One Hundred and Twenty Five Years of Reform

Police reform has been an ongoing battle for the past 125 years, William Marvin Dulaney, associate professor of history at the University of Texas Arlington, said during his presentation commemorating Black History Month.

This colloquium, entitled “The Continuing Struggle for Police Reform: An African-American Perspective,” was sponsored by multicultural student programs, Concerned Black Students and the political science department, and took place on Feb. 16.

Dulaney opened his presentation by stating the importance of having a month dedicated to black history, even if it is during the shortest month of the year.

police2As a child and adolescent, Dulaney never learned about African-Americans’ contributions to society. He said he wanted to make sure that what happened to him during his 13 years of schooling did not happen to students in the future.

“Black history is a part of American history,” Dulaney said. “And the African American experience is an integral part of the American experience.”

He continued by focusing his presentation on police reform, as it is a continuous struggle within the African-American community. The changes that African-Americans were trying to make over a century ago are the same revisions they are trying to make now.

Starting with integration, African-Americans have tried to become an inside force in police divisions across the United States so that they would be the ones responsible for deciding who should be punished rather than a prejudiced white male.

“The police were so prejudiced on such a racially-biased matter that you couldn’t believe what a police officer said,” Dulaney said. “[It] created this type of policing that does not respect the fourth amendment.” Even though the police departments have seen some reform over the past few decades, Dulaney still believes that police officers are “shooting people with cold blood” and not feeling any remorse afterward.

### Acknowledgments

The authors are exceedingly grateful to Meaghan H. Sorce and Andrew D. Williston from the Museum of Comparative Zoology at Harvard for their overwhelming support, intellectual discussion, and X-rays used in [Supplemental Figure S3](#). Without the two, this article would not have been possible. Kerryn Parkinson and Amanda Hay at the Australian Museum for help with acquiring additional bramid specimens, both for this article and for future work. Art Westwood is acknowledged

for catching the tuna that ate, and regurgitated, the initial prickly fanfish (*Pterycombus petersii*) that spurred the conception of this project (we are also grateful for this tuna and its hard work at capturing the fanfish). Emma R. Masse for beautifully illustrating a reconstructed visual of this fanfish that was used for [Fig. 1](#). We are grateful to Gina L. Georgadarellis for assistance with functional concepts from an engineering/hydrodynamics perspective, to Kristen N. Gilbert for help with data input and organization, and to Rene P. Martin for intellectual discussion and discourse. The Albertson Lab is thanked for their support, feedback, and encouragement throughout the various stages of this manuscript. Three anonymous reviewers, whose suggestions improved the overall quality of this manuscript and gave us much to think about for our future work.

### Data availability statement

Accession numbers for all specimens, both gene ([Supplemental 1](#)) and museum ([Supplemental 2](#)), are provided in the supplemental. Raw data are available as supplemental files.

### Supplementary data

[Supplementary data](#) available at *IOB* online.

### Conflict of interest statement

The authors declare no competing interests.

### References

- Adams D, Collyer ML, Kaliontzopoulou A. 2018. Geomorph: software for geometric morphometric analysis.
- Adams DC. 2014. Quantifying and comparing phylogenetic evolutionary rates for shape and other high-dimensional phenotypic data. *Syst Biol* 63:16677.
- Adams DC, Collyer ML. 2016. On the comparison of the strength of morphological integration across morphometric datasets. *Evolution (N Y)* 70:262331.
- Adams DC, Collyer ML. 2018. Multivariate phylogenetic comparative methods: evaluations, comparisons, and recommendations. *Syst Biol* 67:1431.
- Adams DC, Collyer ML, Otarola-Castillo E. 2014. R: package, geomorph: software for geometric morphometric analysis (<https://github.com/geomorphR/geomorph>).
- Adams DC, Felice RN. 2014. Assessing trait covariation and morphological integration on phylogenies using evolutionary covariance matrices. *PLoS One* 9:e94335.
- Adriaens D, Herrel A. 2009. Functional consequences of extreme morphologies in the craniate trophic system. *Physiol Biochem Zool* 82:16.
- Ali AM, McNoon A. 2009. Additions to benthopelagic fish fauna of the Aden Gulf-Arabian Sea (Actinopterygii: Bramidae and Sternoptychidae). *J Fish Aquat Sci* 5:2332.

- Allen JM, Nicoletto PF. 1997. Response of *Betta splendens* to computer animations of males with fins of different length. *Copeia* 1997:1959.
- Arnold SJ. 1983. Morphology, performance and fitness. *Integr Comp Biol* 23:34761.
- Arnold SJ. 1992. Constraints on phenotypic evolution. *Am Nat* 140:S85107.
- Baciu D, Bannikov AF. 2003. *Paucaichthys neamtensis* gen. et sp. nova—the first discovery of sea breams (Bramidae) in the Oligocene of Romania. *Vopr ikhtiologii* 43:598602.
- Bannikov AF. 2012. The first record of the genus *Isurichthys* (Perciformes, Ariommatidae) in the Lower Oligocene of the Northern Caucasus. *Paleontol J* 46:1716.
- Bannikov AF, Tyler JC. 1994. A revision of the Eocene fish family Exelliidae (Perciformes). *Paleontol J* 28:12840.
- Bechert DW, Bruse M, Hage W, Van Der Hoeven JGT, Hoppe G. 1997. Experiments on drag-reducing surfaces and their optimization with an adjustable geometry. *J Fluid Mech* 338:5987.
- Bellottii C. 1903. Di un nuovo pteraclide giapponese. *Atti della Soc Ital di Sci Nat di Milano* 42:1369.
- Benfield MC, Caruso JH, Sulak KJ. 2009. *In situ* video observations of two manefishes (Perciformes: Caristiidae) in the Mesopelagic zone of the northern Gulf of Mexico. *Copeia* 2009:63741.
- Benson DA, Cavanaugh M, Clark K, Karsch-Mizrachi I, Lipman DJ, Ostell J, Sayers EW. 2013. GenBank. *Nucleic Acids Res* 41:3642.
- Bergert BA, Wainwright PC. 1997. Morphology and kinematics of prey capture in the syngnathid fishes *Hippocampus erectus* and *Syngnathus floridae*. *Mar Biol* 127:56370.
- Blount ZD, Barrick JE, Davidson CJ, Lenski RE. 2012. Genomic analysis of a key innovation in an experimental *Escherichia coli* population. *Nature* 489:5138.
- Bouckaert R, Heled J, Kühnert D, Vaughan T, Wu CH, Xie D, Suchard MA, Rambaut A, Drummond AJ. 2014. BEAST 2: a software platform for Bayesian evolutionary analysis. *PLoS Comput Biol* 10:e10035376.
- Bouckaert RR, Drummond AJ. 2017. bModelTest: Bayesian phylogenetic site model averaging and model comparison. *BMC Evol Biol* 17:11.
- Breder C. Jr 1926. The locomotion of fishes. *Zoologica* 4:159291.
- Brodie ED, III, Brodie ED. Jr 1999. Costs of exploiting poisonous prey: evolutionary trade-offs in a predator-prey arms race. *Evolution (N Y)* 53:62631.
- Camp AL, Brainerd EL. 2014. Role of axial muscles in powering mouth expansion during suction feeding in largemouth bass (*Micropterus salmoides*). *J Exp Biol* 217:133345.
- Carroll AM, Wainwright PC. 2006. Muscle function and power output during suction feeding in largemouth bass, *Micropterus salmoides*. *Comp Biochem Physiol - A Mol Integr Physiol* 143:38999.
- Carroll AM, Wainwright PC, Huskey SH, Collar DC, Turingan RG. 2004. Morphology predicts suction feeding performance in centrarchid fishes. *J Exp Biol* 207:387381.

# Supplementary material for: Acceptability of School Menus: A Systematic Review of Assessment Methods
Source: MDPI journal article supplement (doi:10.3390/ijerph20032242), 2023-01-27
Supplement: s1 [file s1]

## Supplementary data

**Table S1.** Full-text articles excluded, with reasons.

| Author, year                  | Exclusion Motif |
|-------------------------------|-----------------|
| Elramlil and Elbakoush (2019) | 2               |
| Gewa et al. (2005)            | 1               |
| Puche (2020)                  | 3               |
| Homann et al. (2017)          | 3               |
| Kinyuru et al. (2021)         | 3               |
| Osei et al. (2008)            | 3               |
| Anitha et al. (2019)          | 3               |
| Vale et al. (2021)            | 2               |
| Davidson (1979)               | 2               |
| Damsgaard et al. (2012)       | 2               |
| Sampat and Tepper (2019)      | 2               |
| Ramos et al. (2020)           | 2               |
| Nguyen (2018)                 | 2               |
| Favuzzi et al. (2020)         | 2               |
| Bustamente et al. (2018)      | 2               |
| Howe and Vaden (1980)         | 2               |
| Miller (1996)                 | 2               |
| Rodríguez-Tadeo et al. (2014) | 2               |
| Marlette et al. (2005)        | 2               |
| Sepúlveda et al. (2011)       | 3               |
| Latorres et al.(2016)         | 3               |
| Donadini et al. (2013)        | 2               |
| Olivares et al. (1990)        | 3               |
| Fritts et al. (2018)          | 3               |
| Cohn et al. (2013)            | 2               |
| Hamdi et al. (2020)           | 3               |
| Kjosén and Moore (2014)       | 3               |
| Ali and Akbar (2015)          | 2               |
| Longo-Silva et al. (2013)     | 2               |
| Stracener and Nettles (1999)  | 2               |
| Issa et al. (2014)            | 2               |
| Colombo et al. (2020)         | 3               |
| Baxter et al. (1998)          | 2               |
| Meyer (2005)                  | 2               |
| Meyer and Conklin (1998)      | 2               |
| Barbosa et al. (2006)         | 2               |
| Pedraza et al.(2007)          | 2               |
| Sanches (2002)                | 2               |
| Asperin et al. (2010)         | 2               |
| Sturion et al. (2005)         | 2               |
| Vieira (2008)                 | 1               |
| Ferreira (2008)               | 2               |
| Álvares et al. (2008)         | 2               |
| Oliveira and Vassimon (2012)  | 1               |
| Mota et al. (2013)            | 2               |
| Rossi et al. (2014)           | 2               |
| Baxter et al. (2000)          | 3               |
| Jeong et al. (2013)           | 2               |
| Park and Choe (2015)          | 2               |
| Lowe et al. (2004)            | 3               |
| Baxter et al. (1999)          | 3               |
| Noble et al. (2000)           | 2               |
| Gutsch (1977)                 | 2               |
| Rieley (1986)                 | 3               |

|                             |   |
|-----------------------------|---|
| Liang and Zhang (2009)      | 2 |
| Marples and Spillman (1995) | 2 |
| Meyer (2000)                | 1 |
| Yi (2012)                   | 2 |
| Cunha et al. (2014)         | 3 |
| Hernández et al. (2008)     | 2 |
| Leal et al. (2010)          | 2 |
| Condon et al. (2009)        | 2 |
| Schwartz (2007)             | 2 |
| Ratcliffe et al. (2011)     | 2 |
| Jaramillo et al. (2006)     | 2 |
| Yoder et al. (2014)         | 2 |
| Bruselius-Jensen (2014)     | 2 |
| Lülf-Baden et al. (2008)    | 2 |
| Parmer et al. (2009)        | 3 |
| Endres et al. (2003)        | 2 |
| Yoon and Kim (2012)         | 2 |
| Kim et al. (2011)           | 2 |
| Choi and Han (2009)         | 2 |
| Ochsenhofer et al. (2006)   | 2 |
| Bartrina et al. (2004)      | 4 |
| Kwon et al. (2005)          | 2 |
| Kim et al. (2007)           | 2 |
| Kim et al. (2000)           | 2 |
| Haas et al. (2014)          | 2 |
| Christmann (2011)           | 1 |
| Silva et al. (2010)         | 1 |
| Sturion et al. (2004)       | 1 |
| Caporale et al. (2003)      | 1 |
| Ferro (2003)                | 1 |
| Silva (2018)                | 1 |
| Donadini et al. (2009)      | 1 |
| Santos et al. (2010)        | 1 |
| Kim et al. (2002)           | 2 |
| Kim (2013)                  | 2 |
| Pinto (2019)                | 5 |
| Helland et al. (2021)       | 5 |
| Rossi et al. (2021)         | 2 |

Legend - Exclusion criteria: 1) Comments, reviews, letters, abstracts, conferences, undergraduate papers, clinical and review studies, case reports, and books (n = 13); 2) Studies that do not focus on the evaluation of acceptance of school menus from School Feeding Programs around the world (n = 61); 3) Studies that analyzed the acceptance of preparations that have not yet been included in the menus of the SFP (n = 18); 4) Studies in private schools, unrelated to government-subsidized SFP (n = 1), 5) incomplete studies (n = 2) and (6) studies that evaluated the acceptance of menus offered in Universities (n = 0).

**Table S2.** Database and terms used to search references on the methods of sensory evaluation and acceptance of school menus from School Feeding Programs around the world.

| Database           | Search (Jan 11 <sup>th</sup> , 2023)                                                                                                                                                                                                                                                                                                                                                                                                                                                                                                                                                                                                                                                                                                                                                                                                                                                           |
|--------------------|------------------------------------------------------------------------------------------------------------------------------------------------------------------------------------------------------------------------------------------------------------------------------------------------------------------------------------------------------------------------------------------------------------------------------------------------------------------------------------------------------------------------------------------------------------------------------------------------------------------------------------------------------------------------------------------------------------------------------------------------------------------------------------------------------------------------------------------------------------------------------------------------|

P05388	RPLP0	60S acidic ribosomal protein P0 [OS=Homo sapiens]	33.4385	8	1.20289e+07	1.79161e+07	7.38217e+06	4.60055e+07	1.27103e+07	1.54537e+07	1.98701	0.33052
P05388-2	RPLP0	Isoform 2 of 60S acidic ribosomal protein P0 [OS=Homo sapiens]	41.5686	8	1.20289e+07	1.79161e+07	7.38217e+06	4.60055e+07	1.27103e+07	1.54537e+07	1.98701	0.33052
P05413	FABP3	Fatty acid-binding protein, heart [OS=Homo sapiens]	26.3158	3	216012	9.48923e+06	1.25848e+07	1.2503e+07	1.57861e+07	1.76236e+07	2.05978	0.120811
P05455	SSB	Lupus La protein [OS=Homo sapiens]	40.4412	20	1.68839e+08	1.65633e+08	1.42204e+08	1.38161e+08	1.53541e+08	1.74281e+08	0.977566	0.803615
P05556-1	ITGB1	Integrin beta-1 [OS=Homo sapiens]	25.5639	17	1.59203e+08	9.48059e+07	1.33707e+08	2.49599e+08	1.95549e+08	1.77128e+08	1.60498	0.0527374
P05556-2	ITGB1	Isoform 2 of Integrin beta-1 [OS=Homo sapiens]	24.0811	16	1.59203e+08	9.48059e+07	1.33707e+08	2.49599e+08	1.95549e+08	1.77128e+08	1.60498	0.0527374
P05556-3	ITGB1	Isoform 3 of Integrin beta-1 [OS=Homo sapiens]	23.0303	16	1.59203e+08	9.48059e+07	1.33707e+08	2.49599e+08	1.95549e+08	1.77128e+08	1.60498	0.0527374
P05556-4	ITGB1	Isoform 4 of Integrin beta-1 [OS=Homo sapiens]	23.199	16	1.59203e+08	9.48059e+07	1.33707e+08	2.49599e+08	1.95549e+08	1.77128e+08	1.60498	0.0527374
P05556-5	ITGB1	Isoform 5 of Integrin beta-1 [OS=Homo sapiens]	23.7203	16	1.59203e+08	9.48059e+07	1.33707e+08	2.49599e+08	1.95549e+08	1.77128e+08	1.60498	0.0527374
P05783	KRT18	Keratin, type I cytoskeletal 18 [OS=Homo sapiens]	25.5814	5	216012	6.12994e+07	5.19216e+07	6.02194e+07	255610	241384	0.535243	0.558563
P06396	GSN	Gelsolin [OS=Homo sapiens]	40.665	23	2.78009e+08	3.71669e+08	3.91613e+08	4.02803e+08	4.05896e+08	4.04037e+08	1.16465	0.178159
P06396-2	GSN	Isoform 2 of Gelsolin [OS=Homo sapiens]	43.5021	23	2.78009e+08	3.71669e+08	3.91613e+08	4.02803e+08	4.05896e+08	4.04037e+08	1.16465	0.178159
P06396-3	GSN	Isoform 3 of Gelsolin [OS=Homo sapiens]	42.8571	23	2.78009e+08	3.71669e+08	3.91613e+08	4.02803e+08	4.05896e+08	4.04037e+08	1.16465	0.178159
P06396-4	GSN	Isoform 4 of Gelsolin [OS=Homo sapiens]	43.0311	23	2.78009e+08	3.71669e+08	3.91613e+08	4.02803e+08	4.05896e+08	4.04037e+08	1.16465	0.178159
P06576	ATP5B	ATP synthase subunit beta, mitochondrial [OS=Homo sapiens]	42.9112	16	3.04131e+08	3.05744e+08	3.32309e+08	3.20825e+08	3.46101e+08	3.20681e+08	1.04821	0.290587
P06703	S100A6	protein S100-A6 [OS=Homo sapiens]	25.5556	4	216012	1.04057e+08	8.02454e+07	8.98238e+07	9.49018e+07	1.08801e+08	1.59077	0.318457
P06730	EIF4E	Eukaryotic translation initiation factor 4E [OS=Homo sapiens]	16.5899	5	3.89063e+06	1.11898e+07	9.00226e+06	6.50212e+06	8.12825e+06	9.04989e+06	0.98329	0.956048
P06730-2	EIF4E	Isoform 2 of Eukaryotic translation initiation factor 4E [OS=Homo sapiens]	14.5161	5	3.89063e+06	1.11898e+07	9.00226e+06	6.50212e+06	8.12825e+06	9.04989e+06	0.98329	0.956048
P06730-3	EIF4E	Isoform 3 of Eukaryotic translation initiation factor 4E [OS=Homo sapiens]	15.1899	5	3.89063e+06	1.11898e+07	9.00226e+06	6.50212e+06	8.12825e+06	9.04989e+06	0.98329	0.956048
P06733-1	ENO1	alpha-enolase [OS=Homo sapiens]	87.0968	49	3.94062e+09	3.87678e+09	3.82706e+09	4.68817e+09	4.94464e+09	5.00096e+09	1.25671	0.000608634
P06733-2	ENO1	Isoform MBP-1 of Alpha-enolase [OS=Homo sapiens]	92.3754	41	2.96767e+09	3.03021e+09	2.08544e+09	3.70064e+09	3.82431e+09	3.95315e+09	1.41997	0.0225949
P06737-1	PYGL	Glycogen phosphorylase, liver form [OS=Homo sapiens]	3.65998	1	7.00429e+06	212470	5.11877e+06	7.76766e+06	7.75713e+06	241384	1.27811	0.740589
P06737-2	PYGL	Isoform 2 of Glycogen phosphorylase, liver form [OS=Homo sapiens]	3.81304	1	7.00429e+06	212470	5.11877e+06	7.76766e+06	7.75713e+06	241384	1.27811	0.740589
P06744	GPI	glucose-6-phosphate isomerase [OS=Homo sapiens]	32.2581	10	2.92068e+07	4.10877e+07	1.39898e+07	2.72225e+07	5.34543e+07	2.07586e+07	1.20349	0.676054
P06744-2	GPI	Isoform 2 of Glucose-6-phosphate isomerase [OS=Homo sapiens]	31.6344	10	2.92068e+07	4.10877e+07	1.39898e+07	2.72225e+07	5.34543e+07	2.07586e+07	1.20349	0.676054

He also believes that officers feel that it is their responsibility to look out for one another. Thus, even when there are officers who recognize the problem, many will not speak up when they feel there is injustice.

Dulaney responded to this by stating that it is the police officer’s obligation to serve the people. The bottom line is that they need more education and discipline within their institution.

Until these changes occur, Dulaney stated that he does not see the police willing to change.

“Some people may say we are beating a dead horse,” junior O’jeanique Washington said. “But I think there can’t be too much conversation about these types of issues.”

Washington and other students listening to his speech stated that they were glad to have these conversations taking place at our university and in society.

“These conversations are necessary to be had,” senior Jake Murray said. “It’s good that Wittenberg is hosting them.”

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